• The absence of substantive examination leads to less legal security in terms of the validity of the registered utility model. This can lead to 1. the utility model being challenged and revoked; and 2. third parties being more cautious in terms of entering into licensing agreements and/or providing funding.
  • Whilst there may be no substantive examination during the application phase, a utility model is an enforceable IP right. Consequently, validity of the utility model is always examined as part of an enforcement action. Only valid rights can be enforced.
  • The short term period may be undesirable for inventions which are expected to have long commercial lives.

Can I convert a patent application into a utility model?

Yes. Many countries allow for a patent application to be converted to a utility model application. A notable exception to this is Germany, which does not allow conversion of a patent application to a utility model (‘Gebrauchsmuster’). However, German law does permit a Gebrauchsmuster to be filed claiming the filing date of a pending national or European patent application.

Some countries apply a time limit for conversion. In some countries, a refused patent application may be converted into a utility model within a certain time period.

Further information on how a patent application may be converted into a utility model in European countries can be found in the National Law relating to the EPC.

Will there be Double 'patenting' issues?

Double ‘patenting’ is an important issue that needs to be considered. In many countries, protection cannot be obtained for the same invention via utility models and patents. How this is achieved varies depending on the jurisdiction. In some countries, the existence of dual protection renders a utility model granted for the same invention unenforceable if a corresponding patent for the same invention is granted (i.e. Germany).

Do renewal fees have to be paid to maintain a utility model?

Yes. Most countries require the payment of periodic renewal fees in order to maintain a utility model. Some countries do not require a fee to be paid and simply grant a utility model for a fixed term. Some countries allow late payment of a renewal fee along with a late payment surcharge.

For example, in Germany, payment of a renewal fee must be paid within two months after the end of the month of expiration of the protection period, and may still be made within a further four month period by incurring a late payment surcharge. If a utility model is registered only after expiry of the protection period, the renewal fee may be paid without a fine within four months after the end of the month in which the registration was notified, and after that with a fine until expiration of four months from the end of the month in which an official reminder was sent.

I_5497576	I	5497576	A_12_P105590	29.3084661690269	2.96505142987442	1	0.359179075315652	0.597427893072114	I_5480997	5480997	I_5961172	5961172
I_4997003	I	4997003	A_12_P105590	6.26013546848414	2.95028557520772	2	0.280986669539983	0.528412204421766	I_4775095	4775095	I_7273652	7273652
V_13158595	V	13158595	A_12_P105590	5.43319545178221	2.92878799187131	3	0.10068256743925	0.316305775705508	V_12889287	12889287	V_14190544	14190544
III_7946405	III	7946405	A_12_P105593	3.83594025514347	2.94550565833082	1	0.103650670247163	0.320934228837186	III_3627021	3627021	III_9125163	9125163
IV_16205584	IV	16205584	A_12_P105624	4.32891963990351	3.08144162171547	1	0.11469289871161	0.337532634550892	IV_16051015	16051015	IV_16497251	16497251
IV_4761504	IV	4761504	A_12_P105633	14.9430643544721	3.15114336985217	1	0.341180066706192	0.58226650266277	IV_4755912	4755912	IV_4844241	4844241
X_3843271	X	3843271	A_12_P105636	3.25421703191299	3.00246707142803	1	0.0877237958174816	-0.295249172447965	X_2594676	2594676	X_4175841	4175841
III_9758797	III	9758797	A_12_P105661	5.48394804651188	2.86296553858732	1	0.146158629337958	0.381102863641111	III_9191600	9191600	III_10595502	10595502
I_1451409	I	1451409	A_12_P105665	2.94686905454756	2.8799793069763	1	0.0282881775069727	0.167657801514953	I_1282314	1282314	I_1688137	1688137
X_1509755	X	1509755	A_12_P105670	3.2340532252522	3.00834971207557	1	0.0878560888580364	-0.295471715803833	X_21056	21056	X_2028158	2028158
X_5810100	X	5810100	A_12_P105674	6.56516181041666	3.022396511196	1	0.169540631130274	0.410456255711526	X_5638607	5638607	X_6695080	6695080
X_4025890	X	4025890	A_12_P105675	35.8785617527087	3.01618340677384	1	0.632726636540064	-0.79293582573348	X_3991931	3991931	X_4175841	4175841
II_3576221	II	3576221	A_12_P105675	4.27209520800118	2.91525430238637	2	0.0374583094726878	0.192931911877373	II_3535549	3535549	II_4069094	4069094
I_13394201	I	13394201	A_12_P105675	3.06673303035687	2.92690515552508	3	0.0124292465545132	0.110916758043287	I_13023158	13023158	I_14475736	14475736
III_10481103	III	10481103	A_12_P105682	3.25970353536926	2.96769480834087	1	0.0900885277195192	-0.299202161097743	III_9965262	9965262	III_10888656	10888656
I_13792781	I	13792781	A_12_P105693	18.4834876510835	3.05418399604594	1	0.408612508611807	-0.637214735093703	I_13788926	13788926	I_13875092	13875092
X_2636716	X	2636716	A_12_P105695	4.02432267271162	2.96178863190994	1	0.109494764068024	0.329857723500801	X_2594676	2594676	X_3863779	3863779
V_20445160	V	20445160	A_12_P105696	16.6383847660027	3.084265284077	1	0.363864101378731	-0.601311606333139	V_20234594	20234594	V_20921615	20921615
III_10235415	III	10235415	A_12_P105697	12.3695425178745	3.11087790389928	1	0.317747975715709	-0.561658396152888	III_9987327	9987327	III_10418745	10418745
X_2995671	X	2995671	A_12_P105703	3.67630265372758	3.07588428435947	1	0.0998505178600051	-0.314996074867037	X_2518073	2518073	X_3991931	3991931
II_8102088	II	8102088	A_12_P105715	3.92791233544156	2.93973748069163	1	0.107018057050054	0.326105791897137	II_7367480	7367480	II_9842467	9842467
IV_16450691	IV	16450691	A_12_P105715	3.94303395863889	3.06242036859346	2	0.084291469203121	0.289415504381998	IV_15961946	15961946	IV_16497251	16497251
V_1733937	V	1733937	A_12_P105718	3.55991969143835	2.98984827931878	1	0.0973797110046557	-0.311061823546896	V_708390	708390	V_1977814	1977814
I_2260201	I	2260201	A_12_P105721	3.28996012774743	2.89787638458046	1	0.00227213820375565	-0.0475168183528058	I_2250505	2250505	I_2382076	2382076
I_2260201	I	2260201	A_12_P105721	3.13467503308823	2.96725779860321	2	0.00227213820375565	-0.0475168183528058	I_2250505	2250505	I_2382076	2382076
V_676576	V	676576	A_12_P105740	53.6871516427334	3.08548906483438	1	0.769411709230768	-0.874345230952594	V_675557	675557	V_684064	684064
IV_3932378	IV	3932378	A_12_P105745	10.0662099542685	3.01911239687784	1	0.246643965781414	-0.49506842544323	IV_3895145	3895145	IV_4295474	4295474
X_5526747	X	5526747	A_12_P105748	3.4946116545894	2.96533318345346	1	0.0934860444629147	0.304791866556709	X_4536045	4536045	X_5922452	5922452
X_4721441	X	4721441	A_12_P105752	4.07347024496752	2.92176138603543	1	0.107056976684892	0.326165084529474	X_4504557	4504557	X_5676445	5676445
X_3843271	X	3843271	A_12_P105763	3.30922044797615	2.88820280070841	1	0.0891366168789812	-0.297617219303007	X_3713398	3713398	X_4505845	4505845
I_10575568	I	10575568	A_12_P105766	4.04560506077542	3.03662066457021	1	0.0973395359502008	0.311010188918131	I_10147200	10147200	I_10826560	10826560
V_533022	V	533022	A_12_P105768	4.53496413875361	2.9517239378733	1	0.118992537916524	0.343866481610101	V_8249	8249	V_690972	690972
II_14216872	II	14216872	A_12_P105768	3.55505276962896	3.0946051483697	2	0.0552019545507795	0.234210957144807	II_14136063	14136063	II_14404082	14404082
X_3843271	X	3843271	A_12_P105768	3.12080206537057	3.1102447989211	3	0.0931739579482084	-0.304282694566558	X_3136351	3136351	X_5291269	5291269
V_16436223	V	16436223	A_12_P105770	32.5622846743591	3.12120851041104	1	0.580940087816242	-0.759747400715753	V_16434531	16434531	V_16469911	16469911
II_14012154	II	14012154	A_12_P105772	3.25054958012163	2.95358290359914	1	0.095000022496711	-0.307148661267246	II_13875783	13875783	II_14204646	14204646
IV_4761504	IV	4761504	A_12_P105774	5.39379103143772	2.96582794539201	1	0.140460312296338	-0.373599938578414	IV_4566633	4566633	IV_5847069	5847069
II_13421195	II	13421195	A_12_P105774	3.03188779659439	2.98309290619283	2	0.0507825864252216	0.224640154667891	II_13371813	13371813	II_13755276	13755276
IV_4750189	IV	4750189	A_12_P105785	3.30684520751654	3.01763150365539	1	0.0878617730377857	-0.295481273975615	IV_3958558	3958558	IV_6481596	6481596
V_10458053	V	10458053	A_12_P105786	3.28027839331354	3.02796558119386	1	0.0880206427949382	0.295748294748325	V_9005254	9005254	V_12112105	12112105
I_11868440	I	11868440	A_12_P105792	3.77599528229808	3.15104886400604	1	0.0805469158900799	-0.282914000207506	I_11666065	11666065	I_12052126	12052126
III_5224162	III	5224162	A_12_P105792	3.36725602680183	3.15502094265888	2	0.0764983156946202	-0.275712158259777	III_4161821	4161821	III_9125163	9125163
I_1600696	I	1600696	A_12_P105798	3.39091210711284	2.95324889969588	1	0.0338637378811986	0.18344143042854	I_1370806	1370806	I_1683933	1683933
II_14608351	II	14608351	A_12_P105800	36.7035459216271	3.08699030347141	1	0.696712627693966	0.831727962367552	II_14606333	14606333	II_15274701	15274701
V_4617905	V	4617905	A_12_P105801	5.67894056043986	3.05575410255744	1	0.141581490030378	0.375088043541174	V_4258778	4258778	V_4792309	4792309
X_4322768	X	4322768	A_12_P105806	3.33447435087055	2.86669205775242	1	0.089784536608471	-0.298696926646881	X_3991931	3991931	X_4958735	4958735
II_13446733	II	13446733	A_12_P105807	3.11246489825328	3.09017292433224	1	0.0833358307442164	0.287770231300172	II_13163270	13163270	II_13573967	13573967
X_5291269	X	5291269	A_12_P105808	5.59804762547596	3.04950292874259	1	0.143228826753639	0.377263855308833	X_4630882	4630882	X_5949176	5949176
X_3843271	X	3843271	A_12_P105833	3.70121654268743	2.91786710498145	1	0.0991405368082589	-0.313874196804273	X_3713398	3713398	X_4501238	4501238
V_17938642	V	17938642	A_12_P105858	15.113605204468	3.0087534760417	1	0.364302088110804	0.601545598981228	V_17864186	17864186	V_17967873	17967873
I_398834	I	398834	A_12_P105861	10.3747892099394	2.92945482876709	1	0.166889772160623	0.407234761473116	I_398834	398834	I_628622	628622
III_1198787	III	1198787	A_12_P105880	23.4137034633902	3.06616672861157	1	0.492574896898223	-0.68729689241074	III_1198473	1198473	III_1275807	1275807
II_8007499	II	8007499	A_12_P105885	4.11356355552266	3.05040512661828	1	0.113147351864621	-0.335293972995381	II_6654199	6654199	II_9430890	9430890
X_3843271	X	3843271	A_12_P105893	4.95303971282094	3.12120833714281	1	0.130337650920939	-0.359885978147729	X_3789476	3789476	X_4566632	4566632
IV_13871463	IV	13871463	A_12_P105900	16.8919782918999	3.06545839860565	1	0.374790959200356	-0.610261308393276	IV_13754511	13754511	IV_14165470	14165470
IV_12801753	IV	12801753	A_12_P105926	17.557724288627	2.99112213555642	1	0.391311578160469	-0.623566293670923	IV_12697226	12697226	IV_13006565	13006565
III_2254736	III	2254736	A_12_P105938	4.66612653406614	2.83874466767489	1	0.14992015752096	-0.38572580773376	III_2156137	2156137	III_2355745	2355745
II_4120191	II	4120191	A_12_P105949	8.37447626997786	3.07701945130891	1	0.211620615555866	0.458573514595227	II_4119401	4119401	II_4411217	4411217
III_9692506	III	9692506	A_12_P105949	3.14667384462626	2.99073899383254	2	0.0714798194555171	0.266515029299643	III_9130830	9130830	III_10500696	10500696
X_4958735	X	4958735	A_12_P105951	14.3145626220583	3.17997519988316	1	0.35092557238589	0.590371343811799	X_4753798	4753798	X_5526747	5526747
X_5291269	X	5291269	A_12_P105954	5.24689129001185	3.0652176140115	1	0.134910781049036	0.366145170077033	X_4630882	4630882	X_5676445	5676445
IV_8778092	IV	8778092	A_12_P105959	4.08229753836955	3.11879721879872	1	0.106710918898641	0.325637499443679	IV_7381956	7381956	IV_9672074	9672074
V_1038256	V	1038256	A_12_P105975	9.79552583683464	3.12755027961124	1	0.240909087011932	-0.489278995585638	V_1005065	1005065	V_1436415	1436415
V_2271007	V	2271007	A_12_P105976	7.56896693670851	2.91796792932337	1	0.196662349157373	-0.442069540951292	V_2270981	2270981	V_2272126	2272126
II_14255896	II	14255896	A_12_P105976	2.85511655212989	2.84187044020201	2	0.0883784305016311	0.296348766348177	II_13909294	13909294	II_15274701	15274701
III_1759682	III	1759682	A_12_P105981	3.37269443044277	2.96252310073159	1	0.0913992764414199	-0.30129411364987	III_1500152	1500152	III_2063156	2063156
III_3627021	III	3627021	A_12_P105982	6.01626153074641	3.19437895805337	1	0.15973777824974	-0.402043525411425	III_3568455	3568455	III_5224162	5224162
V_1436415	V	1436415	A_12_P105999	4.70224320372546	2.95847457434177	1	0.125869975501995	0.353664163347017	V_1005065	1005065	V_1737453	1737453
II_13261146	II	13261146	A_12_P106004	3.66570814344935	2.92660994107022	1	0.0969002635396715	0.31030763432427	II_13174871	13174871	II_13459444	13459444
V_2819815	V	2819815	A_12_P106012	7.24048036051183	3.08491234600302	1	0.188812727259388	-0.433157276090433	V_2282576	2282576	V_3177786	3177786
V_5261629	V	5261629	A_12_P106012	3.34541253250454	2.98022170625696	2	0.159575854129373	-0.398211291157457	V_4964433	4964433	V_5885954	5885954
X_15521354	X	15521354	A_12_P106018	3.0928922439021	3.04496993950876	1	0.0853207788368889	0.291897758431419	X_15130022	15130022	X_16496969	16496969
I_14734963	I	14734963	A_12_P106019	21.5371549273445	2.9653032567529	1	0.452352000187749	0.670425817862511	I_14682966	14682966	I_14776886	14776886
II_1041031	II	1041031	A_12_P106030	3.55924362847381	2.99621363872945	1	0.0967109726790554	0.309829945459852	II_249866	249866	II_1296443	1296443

It should be noted that in countries such as for example the Czech Republic and Denmark, if a fee has not been paid, there is a grace period of six months where the renewal fee can be paid with a surcharge.

What happens if a renewal fee is not paid?

Non-payment of a renewal fee results in the utility model becoming abandoned. However, some countries (such as for example Germany) provide for restoration of a lapsed utility model. Certain conditions may apply, and are country specific.

What are my options for protecting my invention?

One of the most important aspects of protecting your invention is deciding what route to take. Whilst the options below are not exhaustive, they can provide guidance:

1. Utility model

One available option for pursuing protection would be to file separate individual utility model applications in the countries of commercial interest (subject to availability).

Not all countries offer utility model protection. In addition, whilst some countries may not have a utility model, they may offer an alternative option. This is the case in France where the equivalent of a utility model is a ‘Utility Certificate’, offering similar protection.

2. Patent Application

Another option would be to file a patent application. In the case of a European application, upon grant, the patent can be validated in the chosen countries of interest.

3. Utility model + EP Patent Application

A utility model application can be filed first, and a subsequent patent application can be filed later, claiming priority from the earlier filed utility model (within 12 months).

Once the European patent grants, it can be validated in any European Patent Convention (EPC) member state of interest. Similarly, separate utility models can be filed in different member states of interest, and a subsequent European Patent (EP) application can be filed claiming priority to all earlier filed utility models. This is an effective filing strategy where it is important to have some form of enforceable protection in place in different EPC member states during the pendency of the EP application.

Summary and Tips

Whilst a patent may offer a longer term of protection for an invention, and provide more legal certainty regarding its validity, utility models can still be useful in the interim, or for protecting inventions where patent protection is unavailable due to stricter patentability requirements.

The content of this article is intended to provide a general guide to the subject matter. Specialist advice should be sought about your specific circumstances.